The Didjerator is a part of the Didj LeapFrog Connect Application where Didjis (avatars) can be selected and customized, or created from scratch. These Didjis can then be transfered to the Didj handheld to be used in games. The Didjerator can store up to 10 Didjis.  If you want to create a new Didji after having already saved 10, you will need to delete one of the old Didjis.

Didjis can only be used in non-licensed games such as Jet Pack Heroes and Super Chicks.  Didjis are not available for use in licensed games such as Star Wars or Disney Cars.

The Micromods page is where your child can “spend” the Bitz he/she earns by achieving goals on the Didj handheld to “purchase” customizations to enhance the gaming experience such as, additional backgrounds, weapons, power-ups, new background music, Didji costumes, and additional character animations for games.

After playing a game, Micromods for that game will become available. Once downloaded, Micromods are set to automatically download to the Didj handheld the next time it is connected. Ensure that a Micromod is set to automatically download, navigate to the On My Didj page and look for the associated game. Make sure the check mark next to the game is checked.

Skill Selector
The Skill Selector page allows parents to customize their child’s gaming experience, by incorporating a unique targeted Skill Set (curriculum, if you will) and tranferring it to the Didj handheld. Weekly spelling lists can be added to a game. That said, you can only add words that are already in a predefined database database. Depending the games you have, you’ll see more skill options, including language arts, math, and math facts.

Note: A parent account must have been created and information provided about who plays a game using this a given player name.

A Bit of Frustration
Once my daughter got her hands on the Didj she quickly put down the Leapster, but after a day or so she came to me saying she couldn’t save her Jet Pack Heroes game. I started to look into the matter, and found that she was right. I kept digging and found that Jet Pack Heroes is considered a mini (starter) game, designed with levels that can be completed quickly, and as such will not allow the state of the game to be saved. This was particularly frustrating for her in that is impacts her ability to acquire Bitz and customize the game. I wish I’d know about that when I purchased the Didj. Had I know I would have purchased another math game when I purchased the Didj handheld.

DreamBox Learning K-2 Math

This post is more personal than analytical to me, in that, this is the first time I’ve written about my daughter, who is 1st grader this year.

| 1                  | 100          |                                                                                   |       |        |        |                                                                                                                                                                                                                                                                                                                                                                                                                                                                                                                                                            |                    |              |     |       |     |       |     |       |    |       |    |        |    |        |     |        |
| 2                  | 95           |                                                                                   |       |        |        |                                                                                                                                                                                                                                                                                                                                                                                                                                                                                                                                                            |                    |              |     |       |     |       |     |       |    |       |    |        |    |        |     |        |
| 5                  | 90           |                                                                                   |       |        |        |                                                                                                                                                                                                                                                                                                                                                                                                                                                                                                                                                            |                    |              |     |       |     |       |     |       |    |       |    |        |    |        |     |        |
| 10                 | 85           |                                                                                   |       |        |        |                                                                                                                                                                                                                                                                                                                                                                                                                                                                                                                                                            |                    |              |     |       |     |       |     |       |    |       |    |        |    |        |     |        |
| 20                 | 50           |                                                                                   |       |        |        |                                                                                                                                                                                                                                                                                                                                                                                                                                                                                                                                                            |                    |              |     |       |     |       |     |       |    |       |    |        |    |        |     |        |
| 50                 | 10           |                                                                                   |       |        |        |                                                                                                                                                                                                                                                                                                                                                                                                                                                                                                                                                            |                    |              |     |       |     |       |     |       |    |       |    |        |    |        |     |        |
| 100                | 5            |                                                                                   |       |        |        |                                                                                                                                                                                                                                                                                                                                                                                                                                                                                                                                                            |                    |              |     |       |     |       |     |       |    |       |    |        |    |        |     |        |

I had already written an article about DreamBox Learning K-2 Math and had done quite a bit of research in an effort to compare and contrast subscription educational websites that claim to have fun math games. I was quite impressed by DreamBox Learning, so I asked my wife to take a look at the website. I had a pretty good feel for how she would react, but had no idea as to which points would resonate with her. Read the rest of this entry »

Fun Math for Kids: Is There Such A Thing as Fun Math For Kids?

mean school marm

A million years ago, when I was in elementary school, math was one of those desiccated subjects, taught by a teacher who slipped into stultifying monotone, which sucked the energy from your very being. The whole environment inspired fear and loathing in much of the class. So, you were either left to find your own path to mathematical enlightenment or you enlisted outside assistance. This was a very sad situation, which didn’t have to be… not then and not now.

Today media are much more varied than they were in my Jurassic childhood and they address all manner of math concepts. There is children’s literature that speaks to math, such as Greg Tang’s “Math-terpieces” and “Math Fables”. There are myriad manipulatives, e-books (such as “Making Math More Fun” and “Vedic Maths”), board games, video games and websites too numerous to mention.

Creating an educational environment that fosters the development of Strategic thinking in children is critical. This form of problem solving requires attention to detail, the capacity to observe, collect disparate pieces of information, analyze that information, formulate and analyze possible solutions and take appropriate actions.

It is important that math is presented as an everyday activity, which is an element of Strategic thinking. This everyday activity is at the very least, useful, but can be fun, elegant, and inspiring. Learning to use math does not require your child to be a genius or be endowed with special powers (and they must know this).

As parents and instructors it’s our job to ensure that our children have the tools necessary to be successful in school and in life. We have to make sure that our children’s curiosity is not soured or destroyed by the local math Nazi. Most of all we must let them know that math can indeed be fun and interesting.

…Yes there is such a thing as “Dad’s Fun Math Games”!